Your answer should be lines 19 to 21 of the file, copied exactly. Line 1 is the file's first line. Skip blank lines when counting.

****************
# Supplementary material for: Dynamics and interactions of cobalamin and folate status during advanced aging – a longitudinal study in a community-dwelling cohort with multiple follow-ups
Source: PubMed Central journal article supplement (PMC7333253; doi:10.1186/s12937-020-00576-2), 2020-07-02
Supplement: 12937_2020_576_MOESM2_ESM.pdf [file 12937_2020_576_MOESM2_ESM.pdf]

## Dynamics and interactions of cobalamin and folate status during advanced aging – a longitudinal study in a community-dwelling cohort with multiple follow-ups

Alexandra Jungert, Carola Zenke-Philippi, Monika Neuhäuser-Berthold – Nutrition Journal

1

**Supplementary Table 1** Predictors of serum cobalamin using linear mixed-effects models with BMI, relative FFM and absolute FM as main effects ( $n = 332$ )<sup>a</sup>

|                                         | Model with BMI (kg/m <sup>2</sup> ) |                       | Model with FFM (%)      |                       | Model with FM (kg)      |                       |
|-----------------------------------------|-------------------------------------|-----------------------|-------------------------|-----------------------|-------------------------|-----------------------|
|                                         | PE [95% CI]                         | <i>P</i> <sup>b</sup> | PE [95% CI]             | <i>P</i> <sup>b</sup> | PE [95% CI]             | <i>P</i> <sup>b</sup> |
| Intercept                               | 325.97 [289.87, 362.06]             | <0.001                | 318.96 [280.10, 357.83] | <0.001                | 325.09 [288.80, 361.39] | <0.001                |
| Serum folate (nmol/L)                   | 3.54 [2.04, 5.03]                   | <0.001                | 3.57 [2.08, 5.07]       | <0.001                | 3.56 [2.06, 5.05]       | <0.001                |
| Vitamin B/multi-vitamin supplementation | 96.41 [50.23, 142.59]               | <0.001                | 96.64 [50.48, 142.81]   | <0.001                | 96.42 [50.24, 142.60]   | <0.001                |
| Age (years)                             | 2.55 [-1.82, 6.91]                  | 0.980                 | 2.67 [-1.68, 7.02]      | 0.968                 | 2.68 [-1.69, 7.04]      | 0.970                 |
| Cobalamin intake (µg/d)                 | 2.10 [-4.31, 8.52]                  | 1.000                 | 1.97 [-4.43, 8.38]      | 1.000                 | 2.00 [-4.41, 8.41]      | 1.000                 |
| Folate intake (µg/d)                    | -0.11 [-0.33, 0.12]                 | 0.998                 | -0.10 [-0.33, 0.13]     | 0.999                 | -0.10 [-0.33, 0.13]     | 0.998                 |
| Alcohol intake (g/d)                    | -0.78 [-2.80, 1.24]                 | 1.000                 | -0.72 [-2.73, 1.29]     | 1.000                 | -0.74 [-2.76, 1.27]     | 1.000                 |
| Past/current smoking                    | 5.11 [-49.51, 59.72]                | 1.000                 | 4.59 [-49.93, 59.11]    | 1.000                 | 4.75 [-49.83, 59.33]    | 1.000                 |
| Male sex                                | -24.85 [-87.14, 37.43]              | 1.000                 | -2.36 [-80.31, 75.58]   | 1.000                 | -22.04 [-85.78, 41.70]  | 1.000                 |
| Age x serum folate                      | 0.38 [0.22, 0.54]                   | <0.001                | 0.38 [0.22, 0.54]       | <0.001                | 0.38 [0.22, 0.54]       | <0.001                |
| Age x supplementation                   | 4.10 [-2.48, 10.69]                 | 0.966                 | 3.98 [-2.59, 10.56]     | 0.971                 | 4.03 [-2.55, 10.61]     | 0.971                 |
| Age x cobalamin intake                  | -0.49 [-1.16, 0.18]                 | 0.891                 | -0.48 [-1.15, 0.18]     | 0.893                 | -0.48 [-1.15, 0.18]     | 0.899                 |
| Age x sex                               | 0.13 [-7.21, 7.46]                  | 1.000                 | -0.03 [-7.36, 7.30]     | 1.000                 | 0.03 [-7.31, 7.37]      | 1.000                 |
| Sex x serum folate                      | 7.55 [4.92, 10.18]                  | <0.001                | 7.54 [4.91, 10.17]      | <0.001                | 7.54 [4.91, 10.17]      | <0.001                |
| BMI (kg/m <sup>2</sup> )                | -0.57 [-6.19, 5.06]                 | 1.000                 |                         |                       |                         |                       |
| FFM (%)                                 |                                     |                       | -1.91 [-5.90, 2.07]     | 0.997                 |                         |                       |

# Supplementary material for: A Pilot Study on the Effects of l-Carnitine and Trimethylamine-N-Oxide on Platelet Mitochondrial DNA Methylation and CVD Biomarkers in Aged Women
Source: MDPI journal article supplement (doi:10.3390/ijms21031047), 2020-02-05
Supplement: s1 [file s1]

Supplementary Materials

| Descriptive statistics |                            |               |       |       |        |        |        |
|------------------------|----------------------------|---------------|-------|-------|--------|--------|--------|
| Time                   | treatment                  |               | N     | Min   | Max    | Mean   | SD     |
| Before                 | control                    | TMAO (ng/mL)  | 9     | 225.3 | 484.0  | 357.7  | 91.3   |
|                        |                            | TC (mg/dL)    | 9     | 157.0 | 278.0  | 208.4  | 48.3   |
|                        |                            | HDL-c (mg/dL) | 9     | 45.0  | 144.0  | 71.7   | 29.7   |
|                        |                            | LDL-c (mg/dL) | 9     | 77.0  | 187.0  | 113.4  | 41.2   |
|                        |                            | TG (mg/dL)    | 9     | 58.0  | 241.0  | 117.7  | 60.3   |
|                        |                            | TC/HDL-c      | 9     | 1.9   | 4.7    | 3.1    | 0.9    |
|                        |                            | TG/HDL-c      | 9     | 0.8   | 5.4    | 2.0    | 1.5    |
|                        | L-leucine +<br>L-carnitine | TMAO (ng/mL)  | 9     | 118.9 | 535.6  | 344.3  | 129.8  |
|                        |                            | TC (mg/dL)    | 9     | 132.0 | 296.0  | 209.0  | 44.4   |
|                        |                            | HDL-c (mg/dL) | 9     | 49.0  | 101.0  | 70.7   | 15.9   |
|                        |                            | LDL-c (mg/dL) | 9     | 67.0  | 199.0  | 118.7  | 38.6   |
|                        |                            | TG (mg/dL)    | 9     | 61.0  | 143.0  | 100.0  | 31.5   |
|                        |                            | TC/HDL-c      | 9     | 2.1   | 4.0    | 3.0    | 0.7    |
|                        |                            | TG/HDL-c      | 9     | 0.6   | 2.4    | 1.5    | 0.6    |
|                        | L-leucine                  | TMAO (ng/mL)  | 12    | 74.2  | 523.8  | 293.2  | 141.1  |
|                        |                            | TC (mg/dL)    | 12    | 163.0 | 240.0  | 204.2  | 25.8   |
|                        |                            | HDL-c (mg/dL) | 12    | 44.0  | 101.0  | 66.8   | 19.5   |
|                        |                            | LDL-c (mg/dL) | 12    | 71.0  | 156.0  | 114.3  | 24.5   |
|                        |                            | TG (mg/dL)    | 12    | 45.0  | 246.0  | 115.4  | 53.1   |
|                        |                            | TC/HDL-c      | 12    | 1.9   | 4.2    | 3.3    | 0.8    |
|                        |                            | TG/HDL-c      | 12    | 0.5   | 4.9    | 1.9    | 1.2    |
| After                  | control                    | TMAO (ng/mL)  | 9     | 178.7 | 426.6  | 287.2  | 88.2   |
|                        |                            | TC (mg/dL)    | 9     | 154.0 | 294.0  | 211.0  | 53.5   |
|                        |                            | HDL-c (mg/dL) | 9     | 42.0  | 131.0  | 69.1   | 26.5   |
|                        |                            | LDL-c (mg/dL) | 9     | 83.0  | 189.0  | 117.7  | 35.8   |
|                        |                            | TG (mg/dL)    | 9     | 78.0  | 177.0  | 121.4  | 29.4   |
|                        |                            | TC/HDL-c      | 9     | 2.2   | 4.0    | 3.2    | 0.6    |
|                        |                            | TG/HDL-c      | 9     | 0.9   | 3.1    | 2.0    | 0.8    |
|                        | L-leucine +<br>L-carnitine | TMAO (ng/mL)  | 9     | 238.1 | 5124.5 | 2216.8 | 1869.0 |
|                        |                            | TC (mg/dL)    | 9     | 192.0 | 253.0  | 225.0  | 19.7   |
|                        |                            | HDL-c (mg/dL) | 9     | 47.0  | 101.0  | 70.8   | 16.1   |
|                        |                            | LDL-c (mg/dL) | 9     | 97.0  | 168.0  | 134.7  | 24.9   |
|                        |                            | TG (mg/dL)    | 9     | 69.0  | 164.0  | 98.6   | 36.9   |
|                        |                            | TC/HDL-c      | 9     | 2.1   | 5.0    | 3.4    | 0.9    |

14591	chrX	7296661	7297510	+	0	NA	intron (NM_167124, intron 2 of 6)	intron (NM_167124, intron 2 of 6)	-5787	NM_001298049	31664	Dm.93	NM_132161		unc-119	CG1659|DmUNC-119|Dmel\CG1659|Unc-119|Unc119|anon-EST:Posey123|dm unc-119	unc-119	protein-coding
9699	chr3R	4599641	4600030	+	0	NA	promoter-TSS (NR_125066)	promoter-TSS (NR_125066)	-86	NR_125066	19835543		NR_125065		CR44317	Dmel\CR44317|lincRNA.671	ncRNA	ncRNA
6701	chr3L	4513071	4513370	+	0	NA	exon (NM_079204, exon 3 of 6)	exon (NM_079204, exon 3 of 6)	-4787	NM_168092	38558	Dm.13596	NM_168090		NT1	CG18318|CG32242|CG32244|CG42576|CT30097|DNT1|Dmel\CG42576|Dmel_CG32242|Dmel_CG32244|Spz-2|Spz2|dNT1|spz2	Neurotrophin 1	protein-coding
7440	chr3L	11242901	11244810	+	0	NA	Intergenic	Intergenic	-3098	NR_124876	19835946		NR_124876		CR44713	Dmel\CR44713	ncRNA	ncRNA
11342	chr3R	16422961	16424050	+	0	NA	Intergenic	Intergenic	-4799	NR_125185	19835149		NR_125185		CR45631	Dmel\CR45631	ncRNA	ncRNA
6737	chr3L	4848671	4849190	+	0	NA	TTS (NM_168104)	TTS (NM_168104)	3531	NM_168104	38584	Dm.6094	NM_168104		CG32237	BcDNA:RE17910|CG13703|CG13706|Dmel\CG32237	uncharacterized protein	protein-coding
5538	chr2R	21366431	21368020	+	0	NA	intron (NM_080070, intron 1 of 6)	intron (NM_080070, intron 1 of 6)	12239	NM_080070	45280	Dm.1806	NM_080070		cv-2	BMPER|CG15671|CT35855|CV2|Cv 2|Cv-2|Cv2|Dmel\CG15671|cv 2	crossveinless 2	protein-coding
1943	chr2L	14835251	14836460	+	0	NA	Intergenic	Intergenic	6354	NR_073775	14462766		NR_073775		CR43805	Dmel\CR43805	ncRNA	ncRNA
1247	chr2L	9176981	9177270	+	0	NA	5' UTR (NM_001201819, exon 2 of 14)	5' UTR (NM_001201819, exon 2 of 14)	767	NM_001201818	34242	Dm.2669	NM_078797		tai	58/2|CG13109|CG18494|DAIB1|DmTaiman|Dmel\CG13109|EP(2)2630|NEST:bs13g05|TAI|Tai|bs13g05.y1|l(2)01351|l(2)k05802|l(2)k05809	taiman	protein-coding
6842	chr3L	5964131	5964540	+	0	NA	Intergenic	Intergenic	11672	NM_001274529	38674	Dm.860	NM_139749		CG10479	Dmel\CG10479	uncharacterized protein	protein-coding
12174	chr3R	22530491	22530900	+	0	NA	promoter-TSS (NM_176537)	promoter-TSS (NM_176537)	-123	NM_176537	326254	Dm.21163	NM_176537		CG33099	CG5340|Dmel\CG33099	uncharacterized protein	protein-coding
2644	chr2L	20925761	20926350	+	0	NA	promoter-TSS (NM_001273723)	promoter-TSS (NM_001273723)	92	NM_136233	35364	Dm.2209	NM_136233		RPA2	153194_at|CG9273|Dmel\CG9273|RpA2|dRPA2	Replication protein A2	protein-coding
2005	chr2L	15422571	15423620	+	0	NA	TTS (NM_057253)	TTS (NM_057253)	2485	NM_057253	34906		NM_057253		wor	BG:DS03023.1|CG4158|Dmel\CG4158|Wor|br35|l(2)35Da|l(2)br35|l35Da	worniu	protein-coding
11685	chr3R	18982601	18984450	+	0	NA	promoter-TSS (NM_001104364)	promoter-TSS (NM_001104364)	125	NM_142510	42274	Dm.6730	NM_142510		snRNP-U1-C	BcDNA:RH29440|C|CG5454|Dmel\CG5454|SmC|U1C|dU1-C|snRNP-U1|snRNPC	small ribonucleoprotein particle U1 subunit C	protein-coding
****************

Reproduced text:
| Male sex                                | -24.85 [-87.14, 37.43]              | 1.000                 | -2.36 [-80.31, 75.58]   | 1.000                 | -22.04 [-85.78, 41.70]  | 1.000                 |
| Age x serum folate                      | 0.38 [0.22, 0.54]                   | <0.001                | 0.38 [0.22, 0.54]       | <0.001                | 0.38 [0.22, 0.54]       | <0.001                |
| Age x supplementation                   | 4.10 [-2.48, 10.69]                 | 0.966                 | 3.98 [-2.59, 10.56]     | 0.971                 | 4.03 [-2.55, 10.61]     | 0.971                 |